Early in the morning hours, one train ran through. I shot a photo of it. At this point, I think I fell asleep. I was woken by a text from Gary Knapp, the north’s other night photographer. He was 10 miles away, waiting on the same train. We agreed that we’d pack up by 5:30am. However, at that moment, it was pouring and so I waited in the car. As the rain slowed, I heard a horn and started turning on the lights. One started shorting out and was shut down. It must have gotten wet.
With an adjusted ISO speed on the camera (to compensate for the out-of-service flash), I climbed my stepladder and shot a photo of CNJ 1071 crossing the Hoosick River in the tail end of a thunderstorm, ten hours after I arrived on the location.
A steam train approaches Deep River Creek near Essex, CT. I just posted this canvas print and a few others for sale.
I was nervous about shooting in the rain - but it turned out great. The exhaust hung forever in the cold, damp air.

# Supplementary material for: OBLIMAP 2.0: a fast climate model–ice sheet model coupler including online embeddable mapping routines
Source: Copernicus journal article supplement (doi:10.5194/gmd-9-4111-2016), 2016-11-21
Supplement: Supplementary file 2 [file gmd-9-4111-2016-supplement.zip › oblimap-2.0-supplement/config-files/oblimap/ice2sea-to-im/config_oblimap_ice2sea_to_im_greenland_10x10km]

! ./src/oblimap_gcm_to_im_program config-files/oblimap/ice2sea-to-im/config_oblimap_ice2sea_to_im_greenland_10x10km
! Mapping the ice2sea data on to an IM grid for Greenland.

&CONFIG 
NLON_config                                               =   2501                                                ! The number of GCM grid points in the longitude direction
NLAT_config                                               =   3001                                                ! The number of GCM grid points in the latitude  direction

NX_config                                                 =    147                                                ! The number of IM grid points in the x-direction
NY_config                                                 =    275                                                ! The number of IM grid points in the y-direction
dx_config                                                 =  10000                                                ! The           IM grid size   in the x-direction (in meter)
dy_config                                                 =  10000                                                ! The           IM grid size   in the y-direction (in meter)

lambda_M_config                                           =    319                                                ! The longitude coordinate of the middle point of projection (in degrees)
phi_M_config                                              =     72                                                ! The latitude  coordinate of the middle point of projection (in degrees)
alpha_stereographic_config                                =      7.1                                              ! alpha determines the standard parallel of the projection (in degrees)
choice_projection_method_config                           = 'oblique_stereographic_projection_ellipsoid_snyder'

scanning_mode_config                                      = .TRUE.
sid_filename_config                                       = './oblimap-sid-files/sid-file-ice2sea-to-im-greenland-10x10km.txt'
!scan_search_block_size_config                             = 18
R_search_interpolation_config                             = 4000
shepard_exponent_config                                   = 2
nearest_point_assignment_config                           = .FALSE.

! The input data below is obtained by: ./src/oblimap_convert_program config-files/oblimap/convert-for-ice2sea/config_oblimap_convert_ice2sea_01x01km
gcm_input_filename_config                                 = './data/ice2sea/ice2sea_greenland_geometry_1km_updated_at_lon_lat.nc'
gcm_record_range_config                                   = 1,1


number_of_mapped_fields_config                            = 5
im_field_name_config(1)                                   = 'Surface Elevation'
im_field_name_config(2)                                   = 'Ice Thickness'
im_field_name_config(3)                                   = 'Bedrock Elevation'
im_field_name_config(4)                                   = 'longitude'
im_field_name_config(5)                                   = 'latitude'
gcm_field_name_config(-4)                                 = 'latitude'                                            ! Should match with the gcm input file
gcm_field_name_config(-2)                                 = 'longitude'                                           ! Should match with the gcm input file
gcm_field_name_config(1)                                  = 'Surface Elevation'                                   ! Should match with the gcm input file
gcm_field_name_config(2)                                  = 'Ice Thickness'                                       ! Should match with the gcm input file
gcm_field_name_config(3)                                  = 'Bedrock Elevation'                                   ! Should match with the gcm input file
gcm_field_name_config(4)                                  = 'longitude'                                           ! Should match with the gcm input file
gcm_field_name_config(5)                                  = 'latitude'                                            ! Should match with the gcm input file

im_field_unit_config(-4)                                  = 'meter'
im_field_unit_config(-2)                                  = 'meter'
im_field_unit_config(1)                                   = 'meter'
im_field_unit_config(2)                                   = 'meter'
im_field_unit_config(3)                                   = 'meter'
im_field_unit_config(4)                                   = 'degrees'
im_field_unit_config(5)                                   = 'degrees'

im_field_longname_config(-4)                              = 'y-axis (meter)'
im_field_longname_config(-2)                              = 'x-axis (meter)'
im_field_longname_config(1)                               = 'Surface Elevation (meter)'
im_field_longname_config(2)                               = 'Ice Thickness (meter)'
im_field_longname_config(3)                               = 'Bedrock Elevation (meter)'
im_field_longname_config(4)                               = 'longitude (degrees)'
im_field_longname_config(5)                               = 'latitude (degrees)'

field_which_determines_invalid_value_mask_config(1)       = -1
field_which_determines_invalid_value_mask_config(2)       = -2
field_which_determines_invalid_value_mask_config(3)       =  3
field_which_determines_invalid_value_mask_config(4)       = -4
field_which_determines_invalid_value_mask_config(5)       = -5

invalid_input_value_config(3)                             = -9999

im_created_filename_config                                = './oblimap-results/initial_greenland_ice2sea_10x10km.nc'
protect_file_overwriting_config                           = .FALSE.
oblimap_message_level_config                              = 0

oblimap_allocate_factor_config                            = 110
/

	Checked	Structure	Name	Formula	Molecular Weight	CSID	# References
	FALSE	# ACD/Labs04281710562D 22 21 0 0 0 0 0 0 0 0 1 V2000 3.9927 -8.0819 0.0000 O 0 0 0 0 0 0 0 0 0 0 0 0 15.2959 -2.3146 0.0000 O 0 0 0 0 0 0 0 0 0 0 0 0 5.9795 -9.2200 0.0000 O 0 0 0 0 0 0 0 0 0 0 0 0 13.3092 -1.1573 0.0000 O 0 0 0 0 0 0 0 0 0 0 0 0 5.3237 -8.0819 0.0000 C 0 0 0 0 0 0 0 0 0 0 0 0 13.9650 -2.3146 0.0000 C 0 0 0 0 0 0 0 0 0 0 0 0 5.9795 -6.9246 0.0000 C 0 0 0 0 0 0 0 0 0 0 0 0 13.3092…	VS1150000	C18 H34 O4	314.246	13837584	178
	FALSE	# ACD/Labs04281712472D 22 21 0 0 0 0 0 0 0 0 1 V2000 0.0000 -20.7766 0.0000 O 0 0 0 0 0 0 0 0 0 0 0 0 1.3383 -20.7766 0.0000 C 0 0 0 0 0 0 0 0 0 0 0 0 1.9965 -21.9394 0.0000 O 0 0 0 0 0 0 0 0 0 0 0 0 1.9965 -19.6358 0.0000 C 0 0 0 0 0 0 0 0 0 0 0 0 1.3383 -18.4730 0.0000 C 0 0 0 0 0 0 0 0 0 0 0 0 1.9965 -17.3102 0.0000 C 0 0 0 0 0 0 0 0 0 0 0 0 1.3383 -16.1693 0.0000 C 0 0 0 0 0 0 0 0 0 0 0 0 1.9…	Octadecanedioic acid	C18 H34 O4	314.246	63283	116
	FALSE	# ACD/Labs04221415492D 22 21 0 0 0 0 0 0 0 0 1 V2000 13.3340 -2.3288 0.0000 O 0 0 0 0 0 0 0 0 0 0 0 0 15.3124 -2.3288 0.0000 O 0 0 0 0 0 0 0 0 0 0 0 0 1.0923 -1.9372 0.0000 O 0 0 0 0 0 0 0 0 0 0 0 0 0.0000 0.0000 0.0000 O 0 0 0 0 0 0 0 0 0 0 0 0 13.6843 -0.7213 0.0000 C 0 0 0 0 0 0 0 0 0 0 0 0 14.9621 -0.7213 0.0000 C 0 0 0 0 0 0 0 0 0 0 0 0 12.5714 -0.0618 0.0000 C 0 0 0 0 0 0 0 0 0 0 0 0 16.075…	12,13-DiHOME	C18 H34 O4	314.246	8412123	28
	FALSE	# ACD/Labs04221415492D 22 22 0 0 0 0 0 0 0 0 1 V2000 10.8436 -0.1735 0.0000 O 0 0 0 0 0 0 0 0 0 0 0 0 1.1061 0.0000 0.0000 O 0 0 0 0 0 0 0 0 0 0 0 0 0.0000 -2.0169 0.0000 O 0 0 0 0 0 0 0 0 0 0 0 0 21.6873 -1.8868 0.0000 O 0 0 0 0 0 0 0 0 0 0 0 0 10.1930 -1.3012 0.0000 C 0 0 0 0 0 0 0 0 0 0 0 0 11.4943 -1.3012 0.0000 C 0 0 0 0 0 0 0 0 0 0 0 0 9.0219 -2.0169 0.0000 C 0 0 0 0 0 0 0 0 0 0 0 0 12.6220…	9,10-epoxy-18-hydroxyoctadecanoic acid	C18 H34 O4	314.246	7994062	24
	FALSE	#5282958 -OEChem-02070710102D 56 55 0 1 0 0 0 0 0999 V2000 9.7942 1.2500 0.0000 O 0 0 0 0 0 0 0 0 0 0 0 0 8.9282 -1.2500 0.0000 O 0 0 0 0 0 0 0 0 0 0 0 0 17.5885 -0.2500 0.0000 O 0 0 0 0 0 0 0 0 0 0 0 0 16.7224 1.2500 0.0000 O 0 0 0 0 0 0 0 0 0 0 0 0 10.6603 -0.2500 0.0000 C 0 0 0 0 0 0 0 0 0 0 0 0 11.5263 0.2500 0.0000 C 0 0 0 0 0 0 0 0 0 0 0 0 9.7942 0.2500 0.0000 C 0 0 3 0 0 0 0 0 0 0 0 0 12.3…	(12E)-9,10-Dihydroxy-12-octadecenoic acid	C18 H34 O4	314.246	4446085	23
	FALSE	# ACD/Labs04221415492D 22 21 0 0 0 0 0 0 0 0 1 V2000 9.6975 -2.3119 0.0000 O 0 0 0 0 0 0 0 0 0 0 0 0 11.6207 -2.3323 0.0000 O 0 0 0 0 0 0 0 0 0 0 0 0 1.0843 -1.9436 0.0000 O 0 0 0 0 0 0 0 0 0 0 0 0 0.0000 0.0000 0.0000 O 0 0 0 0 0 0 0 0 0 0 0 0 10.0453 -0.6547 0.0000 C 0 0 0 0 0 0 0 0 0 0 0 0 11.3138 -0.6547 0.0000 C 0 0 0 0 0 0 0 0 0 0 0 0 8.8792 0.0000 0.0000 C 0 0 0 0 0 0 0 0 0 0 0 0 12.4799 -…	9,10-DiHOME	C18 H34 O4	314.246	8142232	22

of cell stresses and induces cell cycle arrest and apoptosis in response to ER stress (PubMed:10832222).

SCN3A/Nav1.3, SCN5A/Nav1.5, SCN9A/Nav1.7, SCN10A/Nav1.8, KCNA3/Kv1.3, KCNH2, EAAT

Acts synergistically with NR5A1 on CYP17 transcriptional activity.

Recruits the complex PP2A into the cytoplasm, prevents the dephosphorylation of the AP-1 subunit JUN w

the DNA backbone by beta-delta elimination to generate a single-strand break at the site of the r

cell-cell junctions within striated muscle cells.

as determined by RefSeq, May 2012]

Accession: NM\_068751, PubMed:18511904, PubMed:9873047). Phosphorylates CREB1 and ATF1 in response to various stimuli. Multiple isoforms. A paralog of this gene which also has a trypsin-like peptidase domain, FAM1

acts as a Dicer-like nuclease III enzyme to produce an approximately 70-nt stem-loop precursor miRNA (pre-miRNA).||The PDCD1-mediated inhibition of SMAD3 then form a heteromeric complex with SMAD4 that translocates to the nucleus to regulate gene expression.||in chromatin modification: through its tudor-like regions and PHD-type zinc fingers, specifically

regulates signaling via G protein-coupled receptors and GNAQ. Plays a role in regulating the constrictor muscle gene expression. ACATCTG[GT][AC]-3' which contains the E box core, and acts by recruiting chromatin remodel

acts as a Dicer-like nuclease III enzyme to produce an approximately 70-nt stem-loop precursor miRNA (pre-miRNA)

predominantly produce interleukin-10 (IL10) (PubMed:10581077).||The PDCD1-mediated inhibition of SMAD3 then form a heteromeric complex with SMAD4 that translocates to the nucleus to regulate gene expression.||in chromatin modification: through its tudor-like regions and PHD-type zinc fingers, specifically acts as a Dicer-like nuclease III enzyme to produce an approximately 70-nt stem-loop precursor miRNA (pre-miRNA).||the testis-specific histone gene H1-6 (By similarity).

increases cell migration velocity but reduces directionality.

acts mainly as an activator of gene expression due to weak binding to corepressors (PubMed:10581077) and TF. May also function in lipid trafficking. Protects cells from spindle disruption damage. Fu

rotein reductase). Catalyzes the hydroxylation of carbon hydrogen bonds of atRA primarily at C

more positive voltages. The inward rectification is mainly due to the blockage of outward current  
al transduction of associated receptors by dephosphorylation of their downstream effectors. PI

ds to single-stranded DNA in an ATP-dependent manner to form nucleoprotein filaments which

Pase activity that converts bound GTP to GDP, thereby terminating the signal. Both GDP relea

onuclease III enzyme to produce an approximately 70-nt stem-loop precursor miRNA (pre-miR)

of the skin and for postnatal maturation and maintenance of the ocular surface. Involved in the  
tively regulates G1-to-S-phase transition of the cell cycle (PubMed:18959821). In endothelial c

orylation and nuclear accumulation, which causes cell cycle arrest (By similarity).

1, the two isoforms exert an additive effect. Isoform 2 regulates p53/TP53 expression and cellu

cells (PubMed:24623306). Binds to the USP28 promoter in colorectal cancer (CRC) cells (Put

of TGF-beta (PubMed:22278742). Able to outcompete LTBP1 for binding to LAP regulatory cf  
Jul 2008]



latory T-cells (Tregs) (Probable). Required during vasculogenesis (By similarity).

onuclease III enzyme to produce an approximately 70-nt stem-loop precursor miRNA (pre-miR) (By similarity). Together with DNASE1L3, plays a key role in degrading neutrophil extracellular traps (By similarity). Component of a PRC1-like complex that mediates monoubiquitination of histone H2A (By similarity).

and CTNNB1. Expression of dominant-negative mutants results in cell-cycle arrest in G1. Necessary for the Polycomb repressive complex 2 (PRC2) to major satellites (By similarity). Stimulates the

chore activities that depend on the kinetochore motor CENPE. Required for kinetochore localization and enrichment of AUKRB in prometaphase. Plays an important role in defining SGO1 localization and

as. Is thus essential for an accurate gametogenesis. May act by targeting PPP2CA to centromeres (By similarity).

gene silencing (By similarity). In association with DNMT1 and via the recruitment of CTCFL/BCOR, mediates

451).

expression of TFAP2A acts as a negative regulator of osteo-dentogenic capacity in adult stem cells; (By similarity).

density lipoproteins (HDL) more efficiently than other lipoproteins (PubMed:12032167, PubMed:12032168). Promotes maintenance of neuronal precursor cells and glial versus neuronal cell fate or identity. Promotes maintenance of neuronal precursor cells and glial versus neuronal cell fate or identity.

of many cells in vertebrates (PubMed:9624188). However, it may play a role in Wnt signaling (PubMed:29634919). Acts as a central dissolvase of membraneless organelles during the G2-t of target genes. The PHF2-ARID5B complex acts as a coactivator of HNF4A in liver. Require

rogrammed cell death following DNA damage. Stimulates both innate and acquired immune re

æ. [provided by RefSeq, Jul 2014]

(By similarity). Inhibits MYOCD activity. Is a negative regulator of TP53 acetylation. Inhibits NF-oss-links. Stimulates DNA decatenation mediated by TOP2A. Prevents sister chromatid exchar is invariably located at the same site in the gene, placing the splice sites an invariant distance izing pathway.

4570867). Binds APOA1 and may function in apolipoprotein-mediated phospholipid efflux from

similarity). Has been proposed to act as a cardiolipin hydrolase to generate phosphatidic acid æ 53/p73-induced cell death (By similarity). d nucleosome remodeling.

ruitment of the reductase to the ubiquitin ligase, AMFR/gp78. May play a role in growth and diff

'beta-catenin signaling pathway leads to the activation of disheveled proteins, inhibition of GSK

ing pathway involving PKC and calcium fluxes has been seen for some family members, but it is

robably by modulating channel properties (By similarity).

Everything about the Batten Kill RR is old school. Here, a pipe-smoking engineer without any reflective gear shoves a string of grain cars with a Schenectady built 1952 RS-3.
Vermont’s railroads are busy at night right now and I wanted to capitalize on the opportunity. I set up along the road under the tall bridge over the Sugar River in Claremont, NH. The first shot was a complete failure. However, I’m quite pleased with shot of train 601 heading south with a pair of New England Central gp38-2s in blue & gold. The railroad has been recently purchased and all the engines are being repainted to match the parent companies orange and black scheme. Five hours and one meeting with the police after 601 passed south, I shot it again heading towards the camera on its trip back north to White River Junction.
I shot at Eagle Bridge this time last year – the topography and number of light, telephone, and street light poles is a challenge. However, the B&M and D&H union depot is an worthy subject. Today, the tracks in the foreground of the image are used by the Battenkill RR to interchange with the Pan Am.
Yesterday, I asked a coworker who lives along the Hoosick River to email next time she noticed fog hanging in the valley. A few hours later I received a message: fog. A few minutes after arriving at the banks of the river, I received a follow up message: “its pouring.”